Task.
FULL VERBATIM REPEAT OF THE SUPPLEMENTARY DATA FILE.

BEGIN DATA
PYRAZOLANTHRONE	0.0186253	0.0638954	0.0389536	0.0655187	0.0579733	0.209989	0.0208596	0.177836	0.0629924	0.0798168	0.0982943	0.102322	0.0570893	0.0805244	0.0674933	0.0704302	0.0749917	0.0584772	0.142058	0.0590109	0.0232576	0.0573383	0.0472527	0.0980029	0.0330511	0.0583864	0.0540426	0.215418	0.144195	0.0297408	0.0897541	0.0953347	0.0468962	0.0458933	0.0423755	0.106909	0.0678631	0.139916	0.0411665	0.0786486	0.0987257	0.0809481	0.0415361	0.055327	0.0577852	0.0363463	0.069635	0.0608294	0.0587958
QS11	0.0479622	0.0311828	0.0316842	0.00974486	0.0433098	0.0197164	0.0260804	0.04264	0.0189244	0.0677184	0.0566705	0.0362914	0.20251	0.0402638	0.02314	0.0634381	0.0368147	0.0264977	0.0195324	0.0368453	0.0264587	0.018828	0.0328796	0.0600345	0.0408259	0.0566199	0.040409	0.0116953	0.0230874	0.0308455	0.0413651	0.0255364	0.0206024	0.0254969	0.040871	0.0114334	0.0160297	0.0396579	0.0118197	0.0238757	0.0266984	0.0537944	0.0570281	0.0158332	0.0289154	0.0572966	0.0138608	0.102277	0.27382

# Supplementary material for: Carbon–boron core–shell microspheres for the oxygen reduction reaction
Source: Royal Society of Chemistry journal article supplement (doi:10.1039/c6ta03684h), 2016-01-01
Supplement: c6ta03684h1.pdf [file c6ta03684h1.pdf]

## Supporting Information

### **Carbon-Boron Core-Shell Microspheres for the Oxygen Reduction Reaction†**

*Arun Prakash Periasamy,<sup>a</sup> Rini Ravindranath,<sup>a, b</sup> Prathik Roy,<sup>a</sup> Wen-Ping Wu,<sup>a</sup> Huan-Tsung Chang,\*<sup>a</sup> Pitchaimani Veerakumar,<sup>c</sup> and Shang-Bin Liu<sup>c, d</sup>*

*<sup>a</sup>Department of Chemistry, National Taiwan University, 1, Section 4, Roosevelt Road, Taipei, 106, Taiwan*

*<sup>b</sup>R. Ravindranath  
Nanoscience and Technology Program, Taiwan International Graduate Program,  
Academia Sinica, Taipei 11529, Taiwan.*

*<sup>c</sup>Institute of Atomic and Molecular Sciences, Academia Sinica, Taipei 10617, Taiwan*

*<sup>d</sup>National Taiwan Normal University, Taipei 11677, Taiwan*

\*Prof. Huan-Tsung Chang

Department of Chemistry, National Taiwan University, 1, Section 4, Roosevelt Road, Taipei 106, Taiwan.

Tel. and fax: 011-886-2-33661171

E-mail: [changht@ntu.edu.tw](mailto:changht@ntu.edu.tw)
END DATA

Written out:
PYRAZOLANTHRONE	0.0186253	0.0638954	0.0389536	0.0655187	0.0579733	0.209989	0.0208596	0.177836	0.0629924	0.0798168	0.0982943	0.102322	0.0570893	0.0805244	0.0674933	0.0704302	0.0749917	0.0584772	0.142058	0.0590109	0.0232576	0.0573383	0.0472527	0.0980029	0.0330511	0.0583864	0.0540426	0.215418	0.144195	0.0297408	0.0897541	0.0953347	0.0468962	0.0458933	0.0423755	0.106909	0.0678631	0.139916	0.0411665	0.0786486	0.0987257	0.0809481	0.0415361	0.055327	0.0577852	0.0363463	0.069635	0.0608294	0.0587958
QS11	0.0479622	0.0311828	0.0316842	0.00974486	0.0433098	0.0197164	0.0260804	0.04264	0.0189244	0.0677184	0.0566705	0.0362914	0.20251	0.0402638	0.02314	0.0634381	0.0368147	0.0264977	0.0195324	0.0368453	0.0264587	0.018828	0.0328796	0.0600345	0.0408259	0.0566199	0.040409	0.0116953	0.0230874	0.0308455	0.0413651	0.0255364	0.0206024	0.0254969	0.040871	0.0114334	0.0160297	0.0396579	0.0118197	0.0238757	0.0266984	0.0537944	0.0570281	0.0158332	0.0289154	0.0572966	0.0138608	0.102277	0.27382

# Supplementary material for: Carbon–boron core–shell microspheres for the oxygen reduction reaction
Source: Royal Society of Chemistry journal article supplement (doi:10.1039/c6ta03684h), 2016-01-01
Supplement: c6ta03684h1.pdf [file c6ta03684h1.pdf]

## Supporting Information

### **Carbon-Boron Core-Shell Microspheres for the Oxygen Reduction Reaction†**

*Arun Prakash Periasamy,<sup>a</sup> Rini Ravindranath,<sup>a, b</sup> Prathik Roy,<sup>a</sup> Wen-Ping Wu,<sup>a</sup> Huan-Tsung Chang,\*<sup>a</sup> Pitchaimani Veerakumar,<sup>c</sup> and Shang-Bin Liu<sup>c, d</sup>*

*<sup>a</sup>Department of Chemistry, National Taiwan University, 1, Section 4, Roosevelt Road, Taipei, 106, Taiwan*

*<sup>b</sup>R. Ravindranath  
Nanoscience and Technology Program, Taiwan International Graduate Program,  
Academia Sinica, Taipei 11529, Taiwan.*

*<sup>c</sup>Institute of Atomic and Molecular Sciences, Academia Sinica, Taipei 10617, Taiwan*

*<sup>d</sup>National Taiwan Normal University, Taipei 11677, Taiwan*

\*Prof. Huan-Tsung Chang

Department of Chemistry, National Taiwan University, 1, Section 4, Roosevelt Road, Taipei 106, Taiwan.

Tel. and fax: 011-886-2-33661171

E-mail: [changht@ntu.edu.tw](mailto:changht@ntu.edu.tw)